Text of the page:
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Small Business Digest


The Trouble With HR Is It Can't Keep Good People

Anticipating a client’s changing needs...thinking outside of the box...adapting to a global environment.... These are required skills for any business that strives to stay one step ahead of its competitors.

Yet business leaders tend to overlook the one skill at the foundation of every company’s ability to build and maintain strong customer relationships, devise innovative products or services, and compete and prosper in a global marketplace.

That fundamental skill is recruiting and retaining the right people.

“To realize the full potential of your organization, you need to put the right people in the right jobs, at every level, and then develop them to their maximum,” says Johnny C. Taylor Jr., a nationally recognized authority in the field of human-resource management.

In The Trouble With HR: An Insider’s Guide to Finding and Keeping the Best People (AMACOM;2009), Taylor presents a different approach to hiring than the standard quick-fix efforts that focus on filling a vacancy — and usually wind up wasting a company’s time, effort and money. In his view, since recruitment and retention are naturally compatible and equally important, business leaders and their hiring managers should be concentrating on the life cycle of an employee’s stay at the company.

As Taylor makes clear, identifying a new employee who will most likely remain in a job for several years and then move up rather than out requires both a holistic outlook and a strategic game plan. For starters, that means assessing candidates on their personal qualities and cultural fit as well as on their professional credentials and technical capabilities. As Taylor stresses to everyone seeking to avoid the high costs and toll of turnover: “Developing a ‘people competency’ in your organization is critical to your success.”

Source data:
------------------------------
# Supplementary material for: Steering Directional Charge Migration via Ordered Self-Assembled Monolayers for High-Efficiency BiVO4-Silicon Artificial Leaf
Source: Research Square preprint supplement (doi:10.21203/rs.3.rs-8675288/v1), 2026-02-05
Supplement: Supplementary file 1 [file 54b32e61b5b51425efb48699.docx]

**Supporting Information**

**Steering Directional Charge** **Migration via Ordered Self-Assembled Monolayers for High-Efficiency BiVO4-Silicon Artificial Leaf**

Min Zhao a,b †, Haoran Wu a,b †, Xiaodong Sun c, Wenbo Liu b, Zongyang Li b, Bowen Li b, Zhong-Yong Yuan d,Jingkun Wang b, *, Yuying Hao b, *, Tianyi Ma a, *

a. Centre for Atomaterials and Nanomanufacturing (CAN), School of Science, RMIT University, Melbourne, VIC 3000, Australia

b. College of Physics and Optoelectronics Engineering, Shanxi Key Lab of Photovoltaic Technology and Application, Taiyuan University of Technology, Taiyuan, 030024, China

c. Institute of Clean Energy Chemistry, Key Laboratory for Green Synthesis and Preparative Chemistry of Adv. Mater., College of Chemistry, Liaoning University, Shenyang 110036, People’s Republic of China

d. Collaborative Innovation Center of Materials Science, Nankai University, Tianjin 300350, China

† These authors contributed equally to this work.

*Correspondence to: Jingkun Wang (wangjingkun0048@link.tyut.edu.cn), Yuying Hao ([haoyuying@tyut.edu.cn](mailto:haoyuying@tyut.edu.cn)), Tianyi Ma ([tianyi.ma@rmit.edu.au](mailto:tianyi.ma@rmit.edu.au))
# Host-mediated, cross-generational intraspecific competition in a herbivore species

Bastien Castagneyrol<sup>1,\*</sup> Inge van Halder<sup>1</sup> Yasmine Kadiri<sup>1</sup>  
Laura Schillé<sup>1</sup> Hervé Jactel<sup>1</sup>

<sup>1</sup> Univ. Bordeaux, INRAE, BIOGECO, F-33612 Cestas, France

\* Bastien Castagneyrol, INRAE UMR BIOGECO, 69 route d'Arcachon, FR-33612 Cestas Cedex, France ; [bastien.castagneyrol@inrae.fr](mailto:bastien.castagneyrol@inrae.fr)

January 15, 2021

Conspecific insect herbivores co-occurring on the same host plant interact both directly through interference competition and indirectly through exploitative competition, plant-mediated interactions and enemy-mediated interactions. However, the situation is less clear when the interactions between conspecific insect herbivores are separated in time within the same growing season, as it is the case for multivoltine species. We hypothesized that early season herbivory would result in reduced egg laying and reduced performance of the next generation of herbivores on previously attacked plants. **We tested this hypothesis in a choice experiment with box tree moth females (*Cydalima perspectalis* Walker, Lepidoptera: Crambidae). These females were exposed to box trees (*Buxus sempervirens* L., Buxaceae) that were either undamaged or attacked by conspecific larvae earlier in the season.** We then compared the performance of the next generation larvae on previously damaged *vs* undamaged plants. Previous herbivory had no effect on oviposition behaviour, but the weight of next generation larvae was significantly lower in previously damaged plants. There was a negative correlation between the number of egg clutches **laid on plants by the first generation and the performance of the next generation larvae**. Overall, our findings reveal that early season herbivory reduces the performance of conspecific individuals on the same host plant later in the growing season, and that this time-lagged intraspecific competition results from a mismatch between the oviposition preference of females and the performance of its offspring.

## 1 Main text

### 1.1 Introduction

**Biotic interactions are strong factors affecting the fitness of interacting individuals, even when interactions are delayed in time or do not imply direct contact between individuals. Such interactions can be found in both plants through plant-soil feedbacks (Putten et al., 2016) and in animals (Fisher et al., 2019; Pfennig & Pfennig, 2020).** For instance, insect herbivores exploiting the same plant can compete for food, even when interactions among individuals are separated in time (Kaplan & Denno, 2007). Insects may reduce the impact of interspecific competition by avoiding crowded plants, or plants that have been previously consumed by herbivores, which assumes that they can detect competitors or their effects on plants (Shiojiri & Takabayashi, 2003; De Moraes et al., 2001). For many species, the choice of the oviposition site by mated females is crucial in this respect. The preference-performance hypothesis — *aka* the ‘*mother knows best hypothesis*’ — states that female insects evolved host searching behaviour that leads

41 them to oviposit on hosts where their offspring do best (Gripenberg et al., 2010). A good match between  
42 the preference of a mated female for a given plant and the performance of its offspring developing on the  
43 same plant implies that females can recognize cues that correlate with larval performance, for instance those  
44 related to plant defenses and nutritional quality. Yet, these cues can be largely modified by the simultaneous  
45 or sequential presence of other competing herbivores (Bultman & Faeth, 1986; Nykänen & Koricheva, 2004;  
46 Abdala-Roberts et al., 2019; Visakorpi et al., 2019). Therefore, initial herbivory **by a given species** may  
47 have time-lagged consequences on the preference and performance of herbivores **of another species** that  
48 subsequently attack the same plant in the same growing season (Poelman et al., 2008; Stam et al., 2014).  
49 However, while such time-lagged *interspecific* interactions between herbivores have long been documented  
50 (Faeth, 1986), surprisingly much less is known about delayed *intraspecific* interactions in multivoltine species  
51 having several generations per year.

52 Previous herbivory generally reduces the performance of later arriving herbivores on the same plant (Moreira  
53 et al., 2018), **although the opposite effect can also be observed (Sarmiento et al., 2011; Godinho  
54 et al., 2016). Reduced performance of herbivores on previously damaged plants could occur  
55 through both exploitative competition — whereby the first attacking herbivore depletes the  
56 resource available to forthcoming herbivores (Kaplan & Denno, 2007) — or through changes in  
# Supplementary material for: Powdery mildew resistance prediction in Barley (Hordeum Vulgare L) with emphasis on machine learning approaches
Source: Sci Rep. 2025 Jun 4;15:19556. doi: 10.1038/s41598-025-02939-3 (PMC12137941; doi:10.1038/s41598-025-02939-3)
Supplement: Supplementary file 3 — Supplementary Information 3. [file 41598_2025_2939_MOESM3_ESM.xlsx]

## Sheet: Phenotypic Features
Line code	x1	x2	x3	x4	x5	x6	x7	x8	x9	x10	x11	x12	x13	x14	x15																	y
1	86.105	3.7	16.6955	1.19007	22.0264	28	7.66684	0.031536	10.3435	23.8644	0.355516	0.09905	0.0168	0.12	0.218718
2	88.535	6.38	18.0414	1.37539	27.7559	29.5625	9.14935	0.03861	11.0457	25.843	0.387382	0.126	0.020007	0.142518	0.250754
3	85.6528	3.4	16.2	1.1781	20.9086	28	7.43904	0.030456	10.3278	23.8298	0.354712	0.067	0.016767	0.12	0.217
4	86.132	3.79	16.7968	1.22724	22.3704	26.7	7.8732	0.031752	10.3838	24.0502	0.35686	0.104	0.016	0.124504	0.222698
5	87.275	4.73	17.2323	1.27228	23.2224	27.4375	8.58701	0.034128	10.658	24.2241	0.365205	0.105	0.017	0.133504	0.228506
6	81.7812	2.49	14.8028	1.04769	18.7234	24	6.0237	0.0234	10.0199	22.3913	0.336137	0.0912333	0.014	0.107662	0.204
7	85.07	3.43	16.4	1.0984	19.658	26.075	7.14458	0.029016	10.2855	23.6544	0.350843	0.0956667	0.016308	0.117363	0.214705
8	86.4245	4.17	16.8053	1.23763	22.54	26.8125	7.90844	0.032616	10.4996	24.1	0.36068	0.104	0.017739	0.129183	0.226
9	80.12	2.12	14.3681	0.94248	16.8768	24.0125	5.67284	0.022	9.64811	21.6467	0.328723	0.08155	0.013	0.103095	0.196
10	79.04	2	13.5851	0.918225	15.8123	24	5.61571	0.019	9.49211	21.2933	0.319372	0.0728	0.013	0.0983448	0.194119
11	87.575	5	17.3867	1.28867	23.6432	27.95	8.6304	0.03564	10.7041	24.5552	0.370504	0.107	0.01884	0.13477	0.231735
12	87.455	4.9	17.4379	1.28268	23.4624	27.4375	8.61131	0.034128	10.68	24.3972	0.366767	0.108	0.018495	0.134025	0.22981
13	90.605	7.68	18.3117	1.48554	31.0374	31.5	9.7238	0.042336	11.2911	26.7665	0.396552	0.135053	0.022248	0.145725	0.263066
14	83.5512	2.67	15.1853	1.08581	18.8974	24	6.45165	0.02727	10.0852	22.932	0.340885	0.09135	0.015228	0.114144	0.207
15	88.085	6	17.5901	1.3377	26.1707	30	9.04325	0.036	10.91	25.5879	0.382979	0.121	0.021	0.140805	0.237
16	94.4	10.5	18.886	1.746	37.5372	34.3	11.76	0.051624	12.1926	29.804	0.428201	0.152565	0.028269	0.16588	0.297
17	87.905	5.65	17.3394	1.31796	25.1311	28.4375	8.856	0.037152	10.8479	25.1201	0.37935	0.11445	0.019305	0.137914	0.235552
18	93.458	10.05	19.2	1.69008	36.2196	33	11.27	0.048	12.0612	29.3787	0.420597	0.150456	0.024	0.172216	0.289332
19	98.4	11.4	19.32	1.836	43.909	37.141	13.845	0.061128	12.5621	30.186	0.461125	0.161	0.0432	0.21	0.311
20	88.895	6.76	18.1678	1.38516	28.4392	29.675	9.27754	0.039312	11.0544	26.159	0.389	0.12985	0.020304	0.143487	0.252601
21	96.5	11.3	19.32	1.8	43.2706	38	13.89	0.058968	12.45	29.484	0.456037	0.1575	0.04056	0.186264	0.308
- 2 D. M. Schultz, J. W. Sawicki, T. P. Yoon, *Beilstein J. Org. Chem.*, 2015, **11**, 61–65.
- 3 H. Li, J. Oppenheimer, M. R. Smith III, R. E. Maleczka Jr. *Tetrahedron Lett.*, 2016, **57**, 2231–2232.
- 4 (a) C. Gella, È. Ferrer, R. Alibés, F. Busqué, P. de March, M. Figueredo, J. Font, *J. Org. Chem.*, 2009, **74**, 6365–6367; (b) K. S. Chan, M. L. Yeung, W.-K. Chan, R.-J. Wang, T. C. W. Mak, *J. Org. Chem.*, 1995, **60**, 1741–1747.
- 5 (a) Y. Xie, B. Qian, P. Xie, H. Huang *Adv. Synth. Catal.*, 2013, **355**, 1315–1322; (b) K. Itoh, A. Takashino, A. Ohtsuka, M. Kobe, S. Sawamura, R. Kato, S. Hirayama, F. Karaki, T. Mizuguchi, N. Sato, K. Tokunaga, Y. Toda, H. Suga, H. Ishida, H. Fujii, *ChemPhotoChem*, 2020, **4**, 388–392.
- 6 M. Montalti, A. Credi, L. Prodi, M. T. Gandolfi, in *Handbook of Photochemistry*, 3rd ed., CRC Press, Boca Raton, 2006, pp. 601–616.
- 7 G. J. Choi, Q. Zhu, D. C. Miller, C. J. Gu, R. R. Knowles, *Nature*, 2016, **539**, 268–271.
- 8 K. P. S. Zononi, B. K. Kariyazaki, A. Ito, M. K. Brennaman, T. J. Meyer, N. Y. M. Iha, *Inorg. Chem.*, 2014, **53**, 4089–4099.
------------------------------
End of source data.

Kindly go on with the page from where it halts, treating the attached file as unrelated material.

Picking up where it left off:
That advice applies equally to startup entrepreneurs and small-business owners, directors of nonprofit and governmental agencies, and senior executives at Fortune 500 multinationals.

The book provides step-by-step strategies for attracting and hanging on to top talent, including how to:

* Take advantage of an in-house HR department’s resources, from performance reviews to exit interviews, and its people-savvy specialists.

* Assess qualified candidates on their alignment with a company’s core values, such as integrity and customer engagement, and general work style.

* Develop a hiring competitive edge by knowing what competitors are doing to attract talented people — and countering their strengths.

* Secure the loyalty of top performers by making them fall in love with the company — through cultivating esprit de corps and recognizing every employee’s contributions.

* Provide ongoing training to improve every employee’s skills on his or her current job and actively develop the people who stand out for their leadership potential.

“Holding on to your talented staff will become increasingly significant as baby boomers retire and the difficulty replacing them intensifies,” Taylor says.

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